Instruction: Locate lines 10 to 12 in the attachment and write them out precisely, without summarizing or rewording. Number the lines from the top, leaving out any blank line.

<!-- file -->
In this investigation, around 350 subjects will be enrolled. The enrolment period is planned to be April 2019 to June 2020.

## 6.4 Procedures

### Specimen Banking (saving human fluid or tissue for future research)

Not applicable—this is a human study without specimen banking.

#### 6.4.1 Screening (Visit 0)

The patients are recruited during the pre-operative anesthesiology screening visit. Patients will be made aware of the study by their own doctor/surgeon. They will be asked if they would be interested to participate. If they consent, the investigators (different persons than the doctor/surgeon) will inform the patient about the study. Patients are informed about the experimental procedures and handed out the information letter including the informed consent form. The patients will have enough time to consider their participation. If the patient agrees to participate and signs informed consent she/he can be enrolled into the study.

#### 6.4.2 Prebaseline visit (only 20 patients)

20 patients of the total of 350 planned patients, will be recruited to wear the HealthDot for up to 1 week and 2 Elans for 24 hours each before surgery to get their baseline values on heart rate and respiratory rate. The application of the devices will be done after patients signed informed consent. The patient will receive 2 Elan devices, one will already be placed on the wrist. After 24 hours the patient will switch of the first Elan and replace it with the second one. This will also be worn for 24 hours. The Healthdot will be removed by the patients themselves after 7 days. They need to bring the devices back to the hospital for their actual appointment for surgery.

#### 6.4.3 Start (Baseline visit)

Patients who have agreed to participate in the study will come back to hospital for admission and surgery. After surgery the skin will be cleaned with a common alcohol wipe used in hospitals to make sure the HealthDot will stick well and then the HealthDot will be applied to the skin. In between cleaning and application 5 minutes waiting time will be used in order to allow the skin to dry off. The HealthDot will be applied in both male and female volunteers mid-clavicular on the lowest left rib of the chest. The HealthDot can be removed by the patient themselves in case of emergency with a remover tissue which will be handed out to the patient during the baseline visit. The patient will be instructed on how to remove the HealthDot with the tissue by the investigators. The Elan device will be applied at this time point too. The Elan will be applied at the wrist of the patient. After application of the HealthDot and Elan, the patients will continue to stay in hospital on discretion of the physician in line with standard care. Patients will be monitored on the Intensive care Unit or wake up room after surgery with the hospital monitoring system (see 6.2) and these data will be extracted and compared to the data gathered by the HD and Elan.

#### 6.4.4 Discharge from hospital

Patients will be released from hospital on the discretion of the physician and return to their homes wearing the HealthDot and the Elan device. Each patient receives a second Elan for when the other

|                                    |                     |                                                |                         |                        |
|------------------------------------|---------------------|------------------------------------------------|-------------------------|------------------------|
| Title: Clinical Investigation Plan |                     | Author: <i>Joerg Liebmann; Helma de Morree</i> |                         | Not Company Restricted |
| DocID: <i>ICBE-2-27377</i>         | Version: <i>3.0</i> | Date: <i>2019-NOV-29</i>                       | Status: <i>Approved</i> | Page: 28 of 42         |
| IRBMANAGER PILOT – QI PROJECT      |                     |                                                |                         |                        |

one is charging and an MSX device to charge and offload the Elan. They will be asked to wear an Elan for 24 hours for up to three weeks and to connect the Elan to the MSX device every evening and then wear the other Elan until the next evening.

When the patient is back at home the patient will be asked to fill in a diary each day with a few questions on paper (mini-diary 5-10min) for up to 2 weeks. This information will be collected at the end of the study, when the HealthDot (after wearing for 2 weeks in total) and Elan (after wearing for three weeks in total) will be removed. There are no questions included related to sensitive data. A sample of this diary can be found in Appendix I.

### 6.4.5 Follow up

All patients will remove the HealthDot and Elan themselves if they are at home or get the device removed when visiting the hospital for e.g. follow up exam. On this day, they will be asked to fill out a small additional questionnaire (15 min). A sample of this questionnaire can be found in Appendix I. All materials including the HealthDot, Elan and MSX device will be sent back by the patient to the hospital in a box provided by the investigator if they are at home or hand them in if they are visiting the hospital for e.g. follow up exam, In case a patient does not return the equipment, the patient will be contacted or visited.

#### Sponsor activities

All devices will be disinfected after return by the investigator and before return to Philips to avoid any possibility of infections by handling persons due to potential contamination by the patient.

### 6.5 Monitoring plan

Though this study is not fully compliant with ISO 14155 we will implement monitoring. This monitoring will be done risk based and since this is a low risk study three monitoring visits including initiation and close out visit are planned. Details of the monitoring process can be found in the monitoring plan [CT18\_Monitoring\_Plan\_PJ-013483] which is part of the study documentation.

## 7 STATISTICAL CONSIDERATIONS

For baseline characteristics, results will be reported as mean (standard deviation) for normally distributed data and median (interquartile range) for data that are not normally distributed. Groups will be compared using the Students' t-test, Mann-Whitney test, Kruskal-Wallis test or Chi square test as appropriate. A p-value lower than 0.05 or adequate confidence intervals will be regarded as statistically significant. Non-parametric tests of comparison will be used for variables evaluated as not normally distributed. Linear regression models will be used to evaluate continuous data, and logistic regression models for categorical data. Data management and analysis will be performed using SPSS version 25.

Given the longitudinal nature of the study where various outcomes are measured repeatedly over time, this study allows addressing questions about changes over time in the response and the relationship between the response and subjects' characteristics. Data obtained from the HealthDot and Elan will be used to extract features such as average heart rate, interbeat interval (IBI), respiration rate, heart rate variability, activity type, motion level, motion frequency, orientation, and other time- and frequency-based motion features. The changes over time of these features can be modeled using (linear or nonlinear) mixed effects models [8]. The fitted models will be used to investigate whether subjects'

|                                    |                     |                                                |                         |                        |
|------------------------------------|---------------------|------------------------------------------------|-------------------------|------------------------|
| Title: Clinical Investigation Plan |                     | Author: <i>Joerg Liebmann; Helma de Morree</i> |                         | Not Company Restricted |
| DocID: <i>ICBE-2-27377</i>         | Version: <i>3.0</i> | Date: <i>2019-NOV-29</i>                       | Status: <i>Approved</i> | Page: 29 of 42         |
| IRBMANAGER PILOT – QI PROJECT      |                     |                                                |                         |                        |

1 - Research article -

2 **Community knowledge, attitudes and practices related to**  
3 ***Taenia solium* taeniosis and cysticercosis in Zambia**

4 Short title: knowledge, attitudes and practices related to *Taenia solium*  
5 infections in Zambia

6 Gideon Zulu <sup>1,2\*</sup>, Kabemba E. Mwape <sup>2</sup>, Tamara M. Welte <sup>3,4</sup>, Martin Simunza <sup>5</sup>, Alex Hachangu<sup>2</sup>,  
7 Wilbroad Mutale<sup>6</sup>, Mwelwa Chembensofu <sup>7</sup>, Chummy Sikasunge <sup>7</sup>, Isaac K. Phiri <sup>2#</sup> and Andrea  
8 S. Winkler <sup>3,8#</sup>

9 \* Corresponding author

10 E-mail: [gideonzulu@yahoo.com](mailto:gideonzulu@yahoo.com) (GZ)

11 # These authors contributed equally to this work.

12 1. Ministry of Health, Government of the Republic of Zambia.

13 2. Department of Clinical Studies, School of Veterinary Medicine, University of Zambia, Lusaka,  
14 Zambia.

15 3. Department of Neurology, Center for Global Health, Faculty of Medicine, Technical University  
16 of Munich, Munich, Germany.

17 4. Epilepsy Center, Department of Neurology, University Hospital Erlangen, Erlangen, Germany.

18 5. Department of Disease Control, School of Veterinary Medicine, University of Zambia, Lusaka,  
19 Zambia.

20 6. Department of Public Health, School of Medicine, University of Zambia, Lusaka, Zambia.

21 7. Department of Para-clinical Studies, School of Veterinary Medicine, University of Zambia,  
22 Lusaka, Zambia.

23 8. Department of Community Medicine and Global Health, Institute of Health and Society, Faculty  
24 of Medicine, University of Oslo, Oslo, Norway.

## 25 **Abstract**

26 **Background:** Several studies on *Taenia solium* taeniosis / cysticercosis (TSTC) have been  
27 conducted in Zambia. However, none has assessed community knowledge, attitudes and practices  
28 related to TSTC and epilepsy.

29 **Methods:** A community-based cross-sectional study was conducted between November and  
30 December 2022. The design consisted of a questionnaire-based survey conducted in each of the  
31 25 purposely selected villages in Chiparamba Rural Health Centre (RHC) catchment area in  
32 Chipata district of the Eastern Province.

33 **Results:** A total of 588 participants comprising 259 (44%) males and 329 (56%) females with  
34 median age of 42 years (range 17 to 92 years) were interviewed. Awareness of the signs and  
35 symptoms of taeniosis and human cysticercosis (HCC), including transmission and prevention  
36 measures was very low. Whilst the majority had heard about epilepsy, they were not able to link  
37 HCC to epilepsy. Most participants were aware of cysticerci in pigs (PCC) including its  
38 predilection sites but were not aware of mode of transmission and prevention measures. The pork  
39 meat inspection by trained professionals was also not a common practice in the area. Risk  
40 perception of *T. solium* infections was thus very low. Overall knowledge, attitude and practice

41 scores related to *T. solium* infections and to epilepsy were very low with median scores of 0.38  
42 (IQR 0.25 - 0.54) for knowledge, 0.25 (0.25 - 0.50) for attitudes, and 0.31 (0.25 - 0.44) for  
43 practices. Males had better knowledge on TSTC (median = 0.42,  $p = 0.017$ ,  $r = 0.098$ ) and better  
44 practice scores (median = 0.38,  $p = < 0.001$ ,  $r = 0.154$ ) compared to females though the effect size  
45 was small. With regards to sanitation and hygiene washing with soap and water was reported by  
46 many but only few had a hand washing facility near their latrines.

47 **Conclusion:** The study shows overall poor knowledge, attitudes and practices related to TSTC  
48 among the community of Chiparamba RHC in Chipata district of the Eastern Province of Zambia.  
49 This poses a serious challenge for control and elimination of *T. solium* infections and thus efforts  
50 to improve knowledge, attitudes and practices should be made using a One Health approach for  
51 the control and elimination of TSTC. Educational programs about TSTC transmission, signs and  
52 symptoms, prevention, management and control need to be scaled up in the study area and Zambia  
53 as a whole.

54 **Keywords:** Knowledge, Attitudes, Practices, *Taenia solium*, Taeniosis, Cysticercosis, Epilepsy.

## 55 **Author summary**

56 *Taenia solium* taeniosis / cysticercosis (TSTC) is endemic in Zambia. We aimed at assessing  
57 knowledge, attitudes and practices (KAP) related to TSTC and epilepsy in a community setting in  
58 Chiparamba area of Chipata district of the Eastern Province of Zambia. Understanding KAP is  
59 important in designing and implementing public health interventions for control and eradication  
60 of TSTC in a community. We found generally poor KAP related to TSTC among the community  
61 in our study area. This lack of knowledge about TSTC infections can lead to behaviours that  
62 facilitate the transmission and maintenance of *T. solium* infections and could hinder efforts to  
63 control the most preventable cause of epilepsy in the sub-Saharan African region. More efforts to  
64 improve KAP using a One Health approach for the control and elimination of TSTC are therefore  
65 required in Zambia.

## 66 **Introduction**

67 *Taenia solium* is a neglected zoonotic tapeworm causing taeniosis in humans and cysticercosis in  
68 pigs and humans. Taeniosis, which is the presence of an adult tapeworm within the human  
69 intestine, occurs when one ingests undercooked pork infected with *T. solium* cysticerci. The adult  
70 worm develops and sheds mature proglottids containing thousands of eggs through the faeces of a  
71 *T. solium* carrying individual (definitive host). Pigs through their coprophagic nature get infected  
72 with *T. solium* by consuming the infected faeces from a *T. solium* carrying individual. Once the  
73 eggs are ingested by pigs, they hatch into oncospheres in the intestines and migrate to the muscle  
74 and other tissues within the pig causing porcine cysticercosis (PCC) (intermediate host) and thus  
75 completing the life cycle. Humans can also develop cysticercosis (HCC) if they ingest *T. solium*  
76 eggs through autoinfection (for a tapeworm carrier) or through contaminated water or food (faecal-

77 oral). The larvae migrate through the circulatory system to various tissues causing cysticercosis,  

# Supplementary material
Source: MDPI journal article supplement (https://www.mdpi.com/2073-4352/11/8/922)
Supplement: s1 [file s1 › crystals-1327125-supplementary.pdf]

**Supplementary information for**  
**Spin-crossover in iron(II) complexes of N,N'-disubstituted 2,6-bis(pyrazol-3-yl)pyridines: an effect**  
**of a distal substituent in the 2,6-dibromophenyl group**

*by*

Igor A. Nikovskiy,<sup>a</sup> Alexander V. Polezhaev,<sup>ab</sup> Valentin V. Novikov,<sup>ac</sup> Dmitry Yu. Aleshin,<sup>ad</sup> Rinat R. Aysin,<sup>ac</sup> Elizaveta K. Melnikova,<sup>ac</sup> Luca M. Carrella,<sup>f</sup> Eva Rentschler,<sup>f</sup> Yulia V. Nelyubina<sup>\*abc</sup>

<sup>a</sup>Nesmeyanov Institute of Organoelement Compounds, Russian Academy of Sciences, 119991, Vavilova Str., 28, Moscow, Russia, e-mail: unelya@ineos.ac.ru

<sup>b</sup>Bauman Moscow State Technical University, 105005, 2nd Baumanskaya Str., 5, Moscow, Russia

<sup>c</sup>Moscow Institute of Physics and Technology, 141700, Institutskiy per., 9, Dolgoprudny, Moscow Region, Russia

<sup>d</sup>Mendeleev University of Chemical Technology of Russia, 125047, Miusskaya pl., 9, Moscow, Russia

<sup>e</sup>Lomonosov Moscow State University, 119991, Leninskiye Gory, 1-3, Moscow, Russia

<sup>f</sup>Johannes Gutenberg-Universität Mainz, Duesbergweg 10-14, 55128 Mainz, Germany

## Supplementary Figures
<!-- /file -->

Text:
Patients who have agreed to participate in the study will come back to hospital for admission and surgery. After surgery the skin will be cleaned with a common alcohol wipe used in hospitals to make sure the HealthDot will stick well and then the HealthDot will be applied to the skin. In between cleaning and application 5 minutes waiting time will be used in order to allow the skin to dry off. The HealthDot will be applied in both male and female volunteers mid-clavicular on the lowest left rib of the chest. The HealthDot can be removed by the patient themselves in case of emergency with a remover tissue which will be handed out to the patient during the baseline visit. The patient will be instructed on how to remove the HealthDot with the tissue by the investigators. The Elan device will be applied at this time point too. The Elan will be applied at the wrist of the patient. After application of the HealthDot and Elan, the patients will continue to stay in hospital on discretion of the physician in line with standard care. Patients will be monitored on the Intensive care Unit or wake up room after surgery with the hospital monitoring system (see 6.2) and these data will be extracted and compared to the data gathered by the HD and Elan.

#### 6.4.4 Discharge from hospital

Patients will be released from hospital on the discretion of the physician and return to their homes wearing the HealthDot and the Elan device. Each patient receives a second Elan for when the other